There has always been a digital divide – the inequality between who does and does not have access to the technology that gets them online. This matters because being online is the easiest (and sometimes only) way to fully participate in social, economic and political life. It covers so many aspects of daily life, from online socialising, to online banking and meetings.
This has become even more of a problem since the Covid-19 pandemic. Even out of lockdown, many more aspects of daily life, from services to social lives, are now still online.
There are several reasons for digital exclusion, including a lack of digital skills (or confidence), the cost of digital devices or just not being able to afford phone data or home broadband. This means that digital exclusion affects people in low-income households the most.
While many older people in particular lack online access, which can seriously limit their access to services and social connections, there are many others, regardless of age who are also seriously affected. Digital exclusion is not just about digital capacity, it is also rooted in a lack of access to devices and data and can affect many younger people too. Other people without digital access lose out on social connections but the digital divide also affects skills development and job opportunities. All these issues have implications for mental and physical health.
Digital exclusion also has a direct impact on health, for example if you can’t book a Covid jab, order a prescription or access healthcare information services or support groups.
Stating the facts
- 10 million adults do not have even the most basic of digital skills
- 14.9 million adults in the UK have very low digital engagement – meaning they don’t use the Internet regularly, or only for very limited purposes
- 12% of 11 to 18-year-olds have no home internet access from a computer or tablet.
- 34% of UK internet users go online to manage their mental or physical health.
Our work on digital inclusion
Digital inclusion is connected to several other health factors, such as education and skills, jobs and income, and social connections. At the Trust, we see digital exclusion as an important issue in its own right, as it becomes more of a barrier to participation in many aspects of life. Our funded partners have told us how big an issue this is for many people, and we have responded by running some workshops with the Good Things Foundation, supporting our funded partners them to help reduce digital exclusion in their neighbourhoods.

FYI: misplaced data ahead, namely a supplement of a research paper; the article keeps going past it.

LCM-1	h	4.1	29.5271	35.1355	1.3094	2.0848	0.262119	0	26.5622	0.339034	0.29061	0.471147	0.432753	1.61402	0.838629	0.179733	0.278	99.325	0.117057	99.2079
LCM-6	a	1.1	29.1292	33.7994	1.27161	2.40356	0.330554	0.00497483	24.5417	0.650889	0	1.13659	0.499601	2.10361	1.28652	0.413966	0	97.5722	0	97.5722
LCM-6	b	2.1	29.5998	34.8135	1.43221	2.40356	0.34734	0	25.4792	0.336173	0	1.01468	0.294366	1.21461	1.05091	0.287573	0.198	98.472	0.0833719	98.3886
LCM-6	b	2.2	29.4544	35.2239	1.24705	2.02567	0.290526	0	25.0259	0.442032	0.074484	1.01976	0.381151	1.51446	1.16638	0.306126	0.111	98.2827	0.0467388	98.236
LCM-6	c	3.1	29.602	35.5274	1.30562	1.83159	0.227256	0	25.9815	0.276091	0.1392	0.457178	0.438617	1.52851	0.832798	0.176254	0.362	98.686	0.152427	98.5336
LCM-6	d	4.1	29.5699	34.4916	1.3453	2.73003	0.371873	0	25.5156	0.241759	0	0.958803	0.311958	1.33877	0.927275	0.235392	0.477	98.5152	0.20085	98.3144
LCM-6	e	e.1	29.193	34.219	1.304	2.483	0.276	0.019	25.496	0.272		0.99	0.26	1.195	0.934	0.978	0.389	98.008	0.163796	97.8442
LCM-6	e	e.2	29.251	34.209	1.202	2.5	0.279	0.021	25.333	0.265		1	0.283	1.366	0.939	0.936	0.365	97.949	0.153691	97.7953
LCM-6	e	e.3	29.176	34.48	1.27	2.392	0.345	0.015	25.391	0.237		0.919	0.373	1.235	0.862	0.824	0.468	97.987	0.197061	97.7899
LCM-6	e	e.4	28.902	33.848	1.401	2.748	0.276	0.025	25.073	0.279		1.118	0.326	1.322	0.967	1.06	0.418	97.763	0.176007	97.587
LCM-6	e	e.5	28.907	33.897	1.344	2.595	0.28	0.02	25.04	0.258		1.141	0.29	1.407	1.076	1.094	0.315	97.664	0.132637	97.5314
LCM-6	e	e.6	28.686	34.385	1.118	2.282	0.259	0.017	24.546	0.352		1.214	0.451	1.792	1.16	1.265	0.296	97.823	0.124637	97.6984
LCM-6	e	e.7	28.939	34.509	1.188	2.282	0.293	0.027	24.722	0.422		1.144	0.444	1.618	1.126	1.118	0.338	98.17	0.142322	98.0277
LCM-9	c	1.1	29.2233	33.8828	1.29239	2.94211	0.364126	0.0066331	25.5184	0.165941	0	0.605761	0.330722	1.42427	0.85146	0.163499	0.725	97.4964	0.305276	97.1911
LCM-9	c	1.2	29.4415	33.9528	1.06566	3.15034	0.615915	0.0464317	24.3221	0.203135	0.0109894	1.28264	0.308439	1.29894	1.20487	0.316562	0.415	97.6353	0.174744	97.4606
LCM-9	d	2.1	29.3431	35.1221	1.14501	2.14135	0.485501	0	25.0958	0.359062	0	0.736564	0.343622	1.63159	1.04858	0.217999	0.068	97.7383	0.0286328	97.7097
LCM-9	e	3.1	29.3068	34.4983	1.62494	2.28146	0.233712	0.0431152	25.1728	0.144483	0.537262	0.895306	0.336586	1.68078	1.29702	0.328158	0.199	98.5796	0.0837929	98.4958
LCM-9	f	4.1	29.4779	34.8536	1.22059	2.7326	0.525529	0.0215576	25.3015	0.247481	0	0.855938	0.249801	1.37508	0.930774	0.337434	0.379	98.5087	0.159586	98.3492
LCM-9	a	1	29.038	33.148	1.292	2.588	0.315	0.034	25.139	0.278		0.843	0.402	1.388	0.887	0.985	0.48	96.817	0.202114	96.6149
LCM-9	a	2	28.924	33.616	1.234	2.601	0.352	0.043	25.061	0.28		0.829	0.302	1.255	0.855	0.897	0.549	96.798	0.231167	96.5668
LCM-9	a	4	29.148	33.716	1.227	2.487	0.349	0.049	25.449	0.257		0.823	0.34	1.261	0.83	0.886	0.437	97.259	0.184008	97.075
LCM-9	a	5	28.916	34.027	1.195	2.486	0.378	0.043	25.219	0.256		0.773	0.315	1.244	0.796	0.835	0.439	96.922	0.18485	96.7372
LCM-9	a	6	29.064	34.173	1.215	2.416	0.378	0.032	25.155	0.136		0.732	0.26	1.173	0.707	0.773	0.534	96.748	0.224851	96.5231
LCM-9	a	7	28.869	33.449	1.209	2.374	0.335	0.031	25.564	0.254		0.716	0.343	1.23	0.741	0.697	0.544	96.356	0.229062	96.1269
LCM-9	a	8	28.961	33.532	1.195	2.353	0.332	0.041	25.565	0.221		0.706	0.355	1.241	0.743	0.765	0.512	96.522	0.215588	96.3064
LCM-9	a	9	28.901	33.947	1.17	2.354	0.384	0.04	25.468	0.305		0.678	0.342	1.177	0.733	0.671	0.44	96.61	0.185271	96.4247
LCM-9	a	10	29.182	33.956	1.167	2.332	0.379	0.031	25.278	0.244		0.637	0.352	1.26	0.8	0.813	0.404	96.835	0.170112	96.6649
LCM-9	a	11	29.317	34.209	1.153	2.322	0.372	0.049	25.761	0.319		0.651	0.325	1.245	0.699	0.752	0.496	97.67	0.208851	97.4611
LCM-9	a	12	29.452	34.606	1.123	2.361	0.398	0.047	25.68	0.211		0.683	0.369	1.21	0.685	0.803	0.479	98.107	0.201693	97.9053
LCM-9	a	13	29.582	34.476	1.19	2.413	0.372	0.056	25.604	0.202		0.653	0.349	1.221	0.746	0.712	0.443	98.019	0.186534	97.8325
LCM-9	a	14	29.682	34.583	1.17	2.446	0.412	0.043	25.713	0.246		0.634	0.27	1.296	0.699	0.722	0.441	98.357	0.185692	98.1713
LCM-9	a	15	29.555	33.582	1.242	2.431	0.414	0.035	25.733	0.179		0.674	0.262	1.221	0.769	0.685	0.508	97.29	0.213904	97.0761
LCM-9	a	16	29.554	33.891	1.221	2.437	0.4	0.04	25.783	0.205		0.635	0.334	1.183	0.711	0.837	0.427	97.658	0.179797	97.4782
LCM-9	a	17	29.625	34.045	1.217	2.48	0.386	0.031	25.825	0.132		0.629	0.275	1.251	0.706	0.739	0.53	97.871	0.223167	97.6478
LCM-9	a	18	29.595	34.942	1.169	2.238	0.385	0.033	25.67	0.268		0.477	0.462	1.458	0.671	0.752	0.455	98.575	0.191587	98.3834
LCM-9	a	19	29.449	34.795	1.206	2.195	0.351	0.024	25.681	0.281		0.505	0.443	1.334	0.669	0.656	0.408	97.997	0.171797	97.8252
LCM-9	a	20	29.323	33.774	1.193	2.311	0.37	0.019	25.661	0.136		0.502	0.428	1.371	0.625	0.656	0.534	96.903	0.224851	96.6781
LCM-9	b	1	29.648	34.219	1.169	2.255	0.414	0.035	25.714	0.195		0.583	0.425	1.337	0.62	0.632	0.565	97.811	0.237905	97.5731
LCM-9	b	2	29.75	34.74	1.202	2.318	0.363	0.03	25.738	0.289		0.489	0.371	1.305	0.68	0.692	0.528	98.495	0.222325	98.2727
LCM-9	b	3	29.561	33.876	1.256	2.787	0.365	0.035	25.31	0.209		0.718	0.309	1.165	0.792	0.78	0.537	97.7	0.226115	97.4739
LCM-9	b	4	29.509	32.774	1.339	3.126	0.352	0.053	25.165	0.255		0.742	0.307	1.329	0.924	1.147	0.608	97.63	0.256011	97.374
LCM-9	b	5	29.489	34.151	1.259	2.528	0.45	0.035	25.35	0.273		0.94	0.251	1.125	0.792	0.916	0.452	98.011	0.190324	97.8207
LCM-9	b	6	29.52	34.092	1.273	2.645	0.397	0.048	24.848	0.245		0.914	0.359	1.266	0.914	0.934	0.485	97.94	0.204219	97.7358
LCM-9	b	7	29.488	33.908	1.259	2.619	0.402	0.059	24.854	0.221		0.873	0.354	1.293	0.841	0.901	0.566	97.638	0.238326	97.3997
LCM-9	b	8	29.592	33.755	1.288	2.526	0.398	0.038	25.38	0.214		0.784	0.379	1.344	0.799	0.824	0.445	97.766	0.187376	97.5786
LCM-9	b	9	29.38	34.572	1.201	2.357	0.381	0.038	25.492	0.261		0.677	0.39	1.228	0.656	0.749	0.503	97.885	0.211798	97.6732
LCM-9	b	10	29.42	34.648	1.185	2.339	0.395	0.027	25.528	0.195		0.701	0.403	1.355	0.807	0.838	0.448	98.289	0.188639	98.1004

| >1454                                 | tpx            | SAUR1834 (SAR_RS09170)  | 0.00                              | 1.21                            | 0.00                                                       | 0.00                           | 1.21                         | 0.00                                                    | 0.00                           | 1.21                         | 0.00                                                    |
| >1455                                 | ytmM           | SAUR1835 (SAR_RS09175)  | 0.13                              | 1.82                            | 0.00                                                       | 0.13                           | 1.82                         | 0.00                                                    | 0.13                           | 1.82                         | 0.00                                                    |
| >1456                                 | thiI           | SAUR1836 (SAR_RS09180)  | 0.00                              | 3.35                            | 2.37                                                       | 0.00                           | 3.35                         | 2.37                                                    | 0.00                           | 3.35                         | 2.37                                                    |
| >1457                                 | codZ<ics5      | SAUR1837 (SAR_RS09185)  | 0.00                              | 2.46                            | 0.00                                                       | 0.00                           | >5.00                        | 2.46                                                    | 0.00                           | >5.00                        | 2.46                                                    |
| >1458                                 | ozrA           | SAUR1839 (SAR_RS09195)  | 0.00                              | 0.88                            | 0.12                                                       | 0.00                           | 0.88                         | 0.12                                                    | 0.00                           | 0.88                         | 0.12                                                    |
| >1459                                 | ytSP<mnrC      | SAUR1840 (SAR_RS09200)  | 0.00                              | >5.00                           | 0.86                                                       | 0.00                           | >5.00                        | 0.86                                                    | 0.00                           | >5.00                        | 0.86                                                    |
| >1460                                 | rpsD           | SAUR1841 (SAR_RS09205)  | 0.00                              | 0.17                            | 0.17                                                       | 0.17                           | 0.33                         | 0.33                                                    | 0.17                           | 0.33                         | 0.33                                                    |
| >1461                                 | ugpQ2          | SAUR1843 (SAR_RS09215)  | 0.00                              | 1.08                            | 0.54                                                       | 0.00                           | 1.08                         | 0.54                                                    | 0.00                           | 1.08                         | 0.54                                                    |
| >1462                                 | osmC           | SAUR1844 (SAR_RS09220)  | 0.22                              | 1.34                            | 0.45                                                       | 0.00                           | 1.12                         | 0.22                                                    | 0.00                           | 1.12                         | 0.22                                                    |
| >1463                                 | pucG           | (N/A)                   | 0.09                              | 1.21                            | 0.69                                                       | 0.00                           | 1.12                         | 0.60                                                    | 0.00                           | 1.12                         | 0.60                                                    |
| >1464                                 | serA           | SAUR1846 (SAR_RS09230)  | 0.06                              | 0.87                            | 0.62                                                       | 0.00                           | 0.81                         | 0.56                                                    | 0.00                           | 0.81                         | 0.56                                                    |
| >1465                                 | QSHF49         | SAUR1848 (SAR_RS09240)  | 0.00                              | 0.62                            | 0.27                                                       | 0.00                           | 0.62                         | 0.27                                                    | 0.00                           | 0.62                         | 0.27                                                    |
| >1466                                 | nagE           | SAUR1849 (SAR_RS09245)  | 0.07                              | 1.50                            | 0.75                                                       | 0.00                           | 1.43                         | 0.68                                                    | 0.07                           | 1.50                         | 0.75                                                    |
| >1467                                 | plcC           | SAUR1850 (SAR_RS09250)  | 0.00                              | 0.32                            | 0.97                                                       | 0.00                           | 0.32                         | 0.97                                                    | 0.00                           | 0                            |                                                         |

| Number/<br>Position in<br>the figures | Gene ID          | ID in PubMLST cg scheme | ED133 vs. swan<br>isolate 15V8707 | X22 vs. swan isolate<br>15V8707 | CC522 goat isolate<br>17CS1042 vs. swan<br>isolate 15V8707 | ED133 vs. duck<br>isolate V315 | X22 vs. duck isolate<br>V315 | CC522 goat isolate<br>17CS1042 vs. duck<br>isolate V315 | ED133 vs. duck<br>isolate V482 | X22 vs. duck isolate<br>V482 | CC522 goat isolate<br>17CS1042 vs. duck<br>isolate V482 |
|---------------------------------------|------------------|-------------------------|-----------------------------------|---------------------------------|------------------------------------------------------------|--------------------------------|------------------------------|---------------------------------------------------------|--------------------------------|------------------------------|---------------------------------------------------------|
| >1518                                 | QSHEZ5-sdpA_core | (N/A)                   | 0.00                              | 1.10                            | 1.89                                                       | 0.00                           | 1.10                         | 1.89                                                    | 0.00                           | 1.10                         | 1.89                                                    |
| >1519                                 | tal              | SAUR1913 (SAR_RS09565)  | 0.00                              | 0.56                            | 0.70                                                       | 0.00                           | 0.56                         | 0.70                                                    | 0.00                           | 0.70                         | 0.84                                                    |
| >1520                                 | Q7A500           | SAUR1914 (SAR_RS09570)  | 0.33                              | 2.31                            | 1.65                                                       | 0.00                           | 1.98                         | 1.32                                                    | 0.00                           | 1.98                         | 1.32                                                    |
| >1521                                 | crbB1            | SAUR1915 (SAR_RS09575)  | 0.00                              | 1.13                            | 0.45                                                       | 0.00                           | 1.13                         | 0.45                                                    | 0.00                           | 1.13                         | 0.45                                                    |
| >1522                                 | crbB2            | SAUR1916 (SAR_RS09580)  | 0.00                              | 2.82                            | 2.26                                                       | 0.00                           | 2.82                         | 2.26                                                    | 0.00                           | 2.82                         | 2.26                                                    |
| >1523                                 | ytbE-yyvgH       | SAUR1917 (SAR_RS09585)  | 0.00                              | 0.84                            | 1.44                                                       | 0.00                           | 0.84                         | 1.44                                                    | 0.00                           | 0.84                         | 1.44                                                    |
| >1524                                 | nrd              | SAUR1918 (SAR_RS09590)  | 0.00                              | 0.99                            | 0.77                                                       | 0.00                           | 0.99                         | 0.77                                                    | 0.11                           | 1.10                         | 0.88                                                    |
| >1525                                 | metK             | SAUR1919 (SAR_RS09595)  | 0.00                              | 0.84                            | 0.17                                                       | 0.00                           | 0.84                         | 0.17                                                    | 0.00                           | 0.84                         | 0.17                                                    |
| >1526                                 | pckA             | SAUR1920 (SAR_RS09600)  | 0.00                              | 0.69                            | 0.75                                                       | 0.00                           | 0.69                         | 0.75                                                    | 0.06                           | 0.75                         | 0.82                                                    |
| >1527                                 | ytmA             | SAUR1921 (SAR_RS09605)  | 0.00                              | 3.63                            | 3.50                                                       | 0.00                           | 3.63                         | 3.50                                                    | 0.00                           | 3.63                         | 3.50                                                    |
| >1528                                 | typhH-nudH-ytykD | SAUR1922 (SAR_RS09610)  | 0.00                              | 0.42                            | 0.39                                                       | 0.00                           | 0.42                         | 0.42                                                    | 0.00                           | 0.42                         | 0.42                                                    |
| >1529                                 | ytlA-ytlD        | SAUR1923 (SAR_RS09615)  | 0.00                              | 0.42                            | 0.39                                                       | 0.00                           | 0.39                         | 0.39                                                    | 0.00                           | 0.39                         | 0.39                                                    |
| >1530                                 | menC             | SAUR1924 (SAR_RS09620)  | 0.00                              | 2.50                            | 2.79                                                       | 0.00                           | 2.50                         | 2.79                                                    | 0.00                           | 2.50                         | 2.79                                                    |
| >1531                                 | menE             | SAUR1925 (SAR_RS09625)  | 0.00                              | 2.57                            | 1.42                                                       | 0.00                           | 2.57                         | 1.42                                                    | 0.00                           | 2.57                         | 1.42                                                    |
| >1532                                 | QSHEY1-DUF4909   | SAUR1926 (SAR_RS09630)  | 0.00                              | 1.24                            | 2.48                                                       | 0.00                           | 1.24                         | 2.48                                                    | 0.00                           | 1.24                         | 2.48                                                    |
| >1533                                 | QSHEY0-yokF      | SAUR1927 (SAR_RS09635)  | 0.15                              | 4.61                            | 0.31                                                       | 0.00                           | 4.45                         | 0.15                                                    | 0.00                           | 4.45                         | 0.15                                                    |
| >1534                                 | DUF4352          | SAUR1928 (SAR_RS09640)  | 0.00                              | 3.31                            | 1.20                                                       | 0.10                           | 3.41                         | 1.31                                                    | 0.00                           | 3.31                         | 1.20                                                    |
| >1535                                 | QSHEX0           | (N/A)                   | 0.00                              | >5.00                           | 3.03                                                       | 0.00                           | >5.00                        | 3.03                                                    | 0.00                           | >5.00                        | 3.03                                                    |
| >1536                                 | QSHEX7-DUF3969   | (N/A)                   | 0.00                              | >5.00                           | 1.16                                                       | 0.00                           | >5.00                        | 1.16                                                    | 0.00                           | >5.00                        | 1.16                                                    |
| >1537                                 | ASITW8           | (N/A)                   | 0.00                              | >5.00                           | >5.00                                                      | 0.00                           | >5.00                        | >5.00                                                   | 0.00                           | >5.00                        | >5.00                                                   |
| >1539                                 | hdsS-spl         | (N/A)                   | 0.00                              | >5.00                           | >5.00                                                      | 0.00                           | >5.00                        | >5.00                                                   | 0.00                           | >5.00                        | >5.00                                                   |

If you lack confidence, don’t speak English, or you’re not digitally skilled, you can feel like your kids think you’re nothing. I can’t tell you how powerful it is when a mother takes back her pride and finds her confidence again. When they learn something new… everything changes
CEO, Living Under One Sun, Active Communities.
Local Conversation in Merstham
Residents in Merstham, Surrey, lead activities and projects in the area in order to tackle their priorities, which are: parks and green spaces; activities for local people; digital inclusion; and mental health
The research on digital inclusion and health
Building a Digital Nation, Good Things Foundation, 2021.
Health Inequalities and Digital Exclusion, Good Things Foundation and The Health Foundation, 2021.
A blueprint to fix the digital divide, Good Things Foundation, 2021.
Essential Digital Skills survey, conducted by Ipsos MORI on behalf of Lloyds Bank.